A week or so after he died I took a ride around the lake and passed Jack's house. The Irish and American flags were still flying by the door, and his white sedan was parked in the driveway, just like he was home. I beeped my horn, and waved, and looked across the street to the sign that reads: Never let it be said and said with shame, that all was beautiful until you came.
That's one thing that can be said about Jack Gillespie. He left this earth a better place than he found it.
God Bless Jack Gillespie.
28th Infantry Division:
CONGRESSIONAL MEDAL OF HONOR WINNERS: T/Sgt Francis J Clark, Co K, 109th Infantry Regiment, for 12 Sep 1944 action at the Our River near Kalborn, Luxembourg.
SLOGAN: Fire and Movement:
FOREIGN AWARDS: 109th Infantry regiment awarded the French Croix de Guerre for 28 Jan to 2 Feb 1945 action in Colmar, France per French decree #565, dated 27 March 1945.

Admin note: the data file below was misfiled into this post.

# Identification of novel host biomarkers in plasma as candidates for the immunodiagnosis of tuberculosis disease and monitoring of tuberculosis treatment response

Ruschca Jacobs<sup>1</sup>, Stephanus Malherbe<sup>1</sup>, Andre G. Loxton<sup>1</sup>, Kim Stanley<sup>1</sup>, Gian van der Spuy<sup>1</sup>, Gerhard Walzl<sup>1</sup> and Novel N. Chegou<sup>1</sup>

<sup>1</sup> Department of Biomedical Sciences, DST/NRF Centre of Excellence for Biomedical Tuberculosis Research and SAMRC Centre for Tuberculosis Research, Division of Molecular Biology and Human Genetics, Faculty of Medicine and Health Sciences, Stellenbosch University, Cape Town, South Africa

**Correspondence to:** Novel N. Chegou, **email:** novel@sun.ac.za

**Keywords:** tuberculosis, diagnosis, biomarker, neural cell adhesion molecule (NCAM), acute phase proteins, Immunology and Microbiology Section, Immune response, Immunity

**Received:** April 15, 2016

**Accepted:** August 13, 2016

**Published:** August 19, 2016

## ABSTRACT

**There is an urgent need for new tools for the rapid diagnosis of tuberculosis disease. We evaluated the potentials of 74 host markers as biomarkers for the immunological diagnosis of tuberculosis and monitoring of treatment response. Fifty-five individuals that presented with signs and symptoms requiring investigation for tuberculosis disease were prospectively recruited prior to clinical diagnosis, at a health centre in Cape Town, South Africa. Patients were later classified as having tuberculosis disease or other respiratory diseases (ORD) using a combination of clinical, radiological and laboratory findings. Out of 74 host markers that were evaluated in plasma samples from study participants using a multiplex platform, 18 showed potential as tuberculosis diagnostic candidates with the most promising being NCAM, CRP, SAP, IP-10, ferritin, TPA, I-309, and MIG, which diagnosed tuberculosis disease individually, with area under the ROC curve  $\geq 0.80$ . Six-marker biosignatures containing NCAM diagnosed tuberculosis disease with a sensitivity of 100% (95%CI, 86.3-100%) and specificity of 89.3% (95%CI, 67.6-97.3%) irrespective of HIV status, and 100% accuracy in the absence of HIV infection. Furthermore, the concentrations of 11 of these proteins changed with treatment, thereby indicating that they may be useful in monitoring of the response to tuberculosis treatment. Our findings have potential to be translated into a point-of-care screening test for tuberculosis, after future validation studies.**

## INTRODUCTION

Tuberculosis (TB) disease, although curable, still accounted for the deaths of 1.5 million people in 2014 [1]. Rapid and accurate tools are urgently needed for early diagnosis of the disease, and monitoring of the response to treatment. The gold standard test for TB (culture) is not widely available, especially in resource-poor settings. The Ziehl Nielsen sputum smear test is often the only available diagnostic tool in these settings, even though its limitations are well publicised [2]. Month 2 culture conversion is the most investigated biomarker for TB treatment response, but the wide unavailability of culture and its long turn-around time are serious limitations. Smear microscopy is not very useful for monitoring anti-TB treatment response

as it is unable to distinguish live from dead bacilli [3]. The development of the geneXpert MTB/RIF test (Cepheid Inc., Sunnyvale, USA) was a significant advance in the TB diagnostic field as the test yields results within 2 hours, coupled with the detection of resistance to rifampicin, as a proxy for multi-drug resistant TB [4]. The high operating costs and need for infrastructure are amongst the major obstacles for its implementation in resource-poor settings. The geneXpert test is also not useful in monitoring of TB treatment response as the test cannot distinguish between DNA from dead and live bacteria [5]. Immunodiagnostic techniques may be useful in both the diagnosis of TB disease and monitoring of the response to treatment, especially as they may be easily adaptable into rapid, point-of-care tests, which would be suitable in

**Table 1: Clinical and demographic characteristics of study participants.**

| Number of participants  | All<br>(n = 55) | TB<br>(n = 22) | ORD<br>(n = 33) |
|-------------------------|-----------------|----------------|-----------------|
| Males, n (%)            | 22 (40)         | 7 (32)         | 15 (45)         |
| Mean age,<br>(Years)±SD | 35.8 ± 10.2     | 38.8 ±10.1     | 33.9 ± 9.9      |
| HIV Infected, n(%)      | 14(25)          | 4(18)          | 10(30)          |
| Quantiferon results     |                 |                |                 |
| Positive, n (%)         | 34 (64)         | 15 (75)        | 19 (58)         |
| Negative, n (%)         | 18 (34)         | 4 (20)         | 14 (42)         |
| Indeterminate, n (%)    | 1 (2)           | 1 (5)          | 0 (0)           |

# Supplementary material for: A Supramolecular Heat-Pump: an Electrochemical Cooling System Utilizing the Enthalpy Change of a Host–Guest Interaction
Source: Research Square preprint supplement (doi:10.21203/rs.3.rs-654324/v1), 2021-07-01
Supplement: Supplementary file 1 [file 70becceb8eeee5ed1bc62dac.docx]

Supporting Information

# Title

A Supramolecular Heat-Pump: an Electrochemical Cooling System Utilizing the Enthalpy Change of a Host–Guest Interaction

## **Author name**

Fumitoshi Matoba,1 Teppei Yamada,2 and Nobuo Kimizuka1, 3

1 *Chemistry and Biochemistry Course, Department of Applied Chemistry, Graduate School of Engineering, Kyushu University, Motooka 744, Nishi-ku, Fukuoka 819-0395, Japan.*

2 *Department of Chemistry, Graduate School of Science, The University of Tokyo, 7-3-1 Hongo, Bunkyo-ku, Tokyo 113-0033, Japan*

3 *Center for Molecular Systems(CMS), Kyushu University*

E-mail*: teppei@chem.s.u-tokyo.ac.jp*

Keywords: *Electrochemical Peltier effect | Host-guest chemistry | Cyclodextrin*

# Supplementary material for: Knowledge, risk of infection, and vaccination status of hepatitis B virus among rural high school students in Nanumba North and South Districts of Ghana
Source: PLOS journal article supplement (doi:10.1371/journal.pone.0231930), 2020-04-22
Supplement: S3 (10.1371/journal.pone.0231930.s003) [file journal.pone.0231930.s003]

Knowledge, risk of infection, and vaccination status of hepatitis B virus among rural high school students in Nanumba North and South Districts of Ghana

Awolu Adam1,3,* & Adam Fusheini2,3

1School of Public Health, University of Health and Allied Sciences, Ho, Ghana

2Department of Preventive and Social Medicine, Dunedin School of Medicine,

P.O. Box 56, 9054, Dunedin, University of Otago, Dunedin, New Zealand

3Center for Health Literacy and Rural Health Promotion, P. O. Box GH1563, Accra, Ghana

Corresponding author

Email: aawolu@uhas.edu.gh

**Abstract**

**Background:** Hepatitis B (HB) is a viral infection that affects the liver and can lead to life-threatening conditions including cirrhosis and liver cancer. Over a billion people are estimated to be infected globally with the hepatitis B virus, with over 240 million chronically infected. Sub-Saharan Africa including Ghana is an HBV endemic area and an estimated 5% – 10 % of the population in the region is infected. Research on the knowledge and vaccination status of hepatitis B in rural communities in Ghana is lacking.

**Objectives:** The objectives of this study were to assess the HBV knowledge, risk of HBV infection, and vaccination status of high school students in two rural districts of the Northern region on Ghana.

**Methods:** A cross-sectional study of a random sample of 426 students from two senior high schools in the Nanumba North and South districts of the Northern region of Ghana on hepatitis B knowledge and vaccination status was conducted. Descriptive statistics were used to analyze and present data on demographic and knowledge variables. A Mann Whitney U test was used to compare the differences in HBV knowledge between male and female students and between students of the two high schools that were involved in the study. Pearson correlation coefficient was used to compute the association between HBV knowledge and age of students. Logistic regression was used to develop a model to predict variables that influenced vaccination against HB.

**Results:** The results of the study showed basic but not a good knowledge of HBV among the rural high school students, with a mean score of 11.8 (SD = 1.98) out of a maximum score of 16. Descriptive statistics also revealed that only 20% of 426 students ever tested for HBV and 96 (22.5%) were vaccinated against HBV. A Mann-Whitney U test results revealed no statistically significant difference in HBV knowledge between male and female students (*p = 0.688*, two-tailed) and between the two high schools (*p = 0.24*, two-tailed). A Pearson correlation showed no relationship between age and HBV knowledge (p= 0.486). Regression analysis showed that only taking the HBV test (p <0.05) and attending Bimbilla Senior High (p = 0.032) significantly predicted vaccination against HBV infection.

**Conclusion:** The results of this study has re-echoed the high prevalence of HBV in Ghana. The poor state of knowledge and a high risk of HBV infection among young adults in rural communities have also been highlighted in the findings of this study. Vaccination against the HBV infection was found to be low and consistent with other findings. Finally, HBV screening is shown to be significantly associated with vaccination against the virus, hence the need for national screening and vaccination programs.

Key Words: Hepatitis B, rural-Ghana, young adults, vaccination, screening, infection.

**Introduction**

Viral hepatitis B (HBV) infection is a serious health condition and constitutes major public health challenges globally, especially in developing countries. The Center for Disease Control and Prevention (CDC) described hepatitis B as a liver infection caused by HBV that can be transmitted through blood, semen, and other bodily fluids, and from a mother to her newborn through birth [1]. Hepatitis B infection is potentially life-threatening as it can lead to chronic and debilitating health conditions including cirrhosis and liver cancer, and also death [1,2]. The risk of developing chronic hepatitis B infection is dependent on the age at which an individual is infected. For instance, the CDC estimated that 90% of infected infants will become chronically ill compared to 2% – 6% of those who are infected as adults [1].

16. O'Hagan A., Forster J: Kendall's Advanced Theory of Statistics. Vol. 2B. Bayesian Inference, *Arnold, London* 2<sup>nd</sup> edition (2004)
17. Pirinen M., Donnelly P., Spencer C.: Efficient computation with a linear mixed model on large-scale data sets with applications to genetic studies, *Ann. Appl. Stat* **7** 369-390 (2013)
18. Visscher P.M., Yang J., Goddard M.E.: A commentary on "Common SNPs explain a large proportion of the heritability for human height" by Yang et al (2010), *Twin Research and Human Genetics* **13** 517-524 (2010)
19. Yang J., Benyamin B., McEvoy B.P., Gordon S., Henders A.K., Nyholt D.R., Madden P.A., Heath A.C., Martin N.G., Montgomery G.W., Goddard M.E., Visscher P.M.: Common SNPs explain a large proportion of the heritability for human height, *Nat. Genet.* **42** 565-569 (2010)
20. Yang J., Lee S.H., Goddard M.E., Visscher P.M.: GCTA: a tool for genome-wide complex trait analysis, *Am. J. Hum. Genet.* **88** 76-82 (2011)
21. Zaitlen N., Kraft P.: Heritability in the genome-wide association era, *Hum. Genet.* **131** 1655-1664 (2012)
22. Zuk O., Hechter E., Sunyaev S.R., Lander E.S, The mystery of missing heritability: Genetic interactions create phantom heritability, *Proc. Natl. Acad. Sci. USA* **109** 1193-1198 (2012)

COMBAT HIGHLIGHTS: From Normandy, through France, Belgium, Luxembourg and eventually into Germany itself, the 28th Infantry Division blasted its way to success against the enemy which referred to the Keystone unit as the "Bloody Bucket" division. That phrase described the fury of the assaults which it launched shortly after landing on the Normandy beaches 22 Jul 1944. By 31st Jul, the 28th was in the thick of the hedgerow fighting. Advances were at a crawling pace while towns like Percy, Montbray, Montguoray, Gatheme and St Sever de Calvados and Hill 210 fell. By 20th August, the Division was rolling eastward along the highways of France. An advance north to the Seine to trap the remnants of the German 7th Army saw the capture of Vernauil, Breteuil, Damville, Conchos, Le Neubourg and Elbouf as the bag of prisoners mounted. On 29th August, the Division entered Paris and paraded under battle conditions before a populace delirious with joy. There was no time for rest, however, and the advance continued on through the Forest of Compeigne, La Fere, St Quentin, Laen, Rethel, Sedan, Mezieros, Bouilion and on the 6th of September the crossing of the Mouse was accomplished. The Division swept into Belgium averaging advances of 17 miles a day against the resistance of of German roadblocks and "battle groups." The city of Arlon, Belgium fell to a task force as the Division fanned out into Luxembourg. Combat Team 112, attached to the 5th Armored Division, liberated the southern portion of Luxembourg and smashed its way into Germany at Wallendorf in an attack aimed at Bitburg. Combat Teams 109 and 110 liberated the northern part of Luxembourg and on 11th September entered Germany in strength. After hammering away in assaults which destroyed or captured 153 pill boxes and bunkers the Division moved north and cleared the Monschau Forest of German forces in the area east of Elsenborn, Rocherath, and Krinkelt, Belgium, moving up to the Siegfried Line again. Further attacks were postponed and the Division made another move northward to the Hurtgen Forest. There the attack began 2nd November 1944 and the Keystoners stormed into Vossenack, Kommerscheidt and Schmidt amid savage fighting. Losses were heavy and ground once wrested from the enemy was lost and regained to be lost again to the ever increasing fury of his counter-attacks. By 12th November, the 28th had completes its Hurtgen Forest mission and moved south to the scene of its initial entry into Germany where it held a 25 sector of the front line along the Our River, from the northeastern tip of Luxembourg to the vicinity of Wallendorf. In this sector the Germans unleashed the full force of their winter offensive against the thinly-held and over-extended division line. Five crack (German) divisions were hurled across the Our River the first day to be followed by four more in the next few days. the Keystone rocked under the overwhelming weight of enemy armor and personnel but refused to become panic stricken. The defense by the Division against Von Rundstedt's assault was termed by one correspondent as "one of the greatest feats in the history of the American Army." By the time that the 28th was relieved it had thrown the German timetable completely off schedule and had inflicted heavy losses on the enemy. During early January 1945, the Division was charged with defense of the Meuse River from Givet, Belgium to Verdun, France. Later that month a move to the south, to Alsace, was made. There the 28th had the experience of serving in the French First Army in the reduction of the "Colmar Pocket" and to it went the honor of capturing Colmar, the last major French City in German hands. Further advances to the east across the L'Ill River and Rhino-Rhono Canal to the west bank of the Rhine followed. By 23rd February, the Division had returned north to the American First Army and was in the line along the Olef River. March 6th was the jump-off date in an attack which carried the Keystone to the Ahr River. Schleiden, Gomund, Kall, Sotenich, Sistig and Blankonheim all fell in a rapid advance. Many prisoners and large stores of enemy weapons, equipment and ammunition were taken. The Rhine was crossed and an area south of the "Ruhr Pocket" occupied by the 28th awaiting an southward drive by the German forces trapped in the pocket. Early in April the Division moved west of the Rhine and took up occupation duties in the area north of Aachen along the Holland-German border. Two weeks later came a move to the permanent occupation area; the Saarland and Rhonish Palatinate. Early in July the Division started redeployment to the United States, arriving home in August 1945. After V-J Day, the 28th Division reassembled at Camp Shelby, Mississippi and was inactivated on 12 December 1945.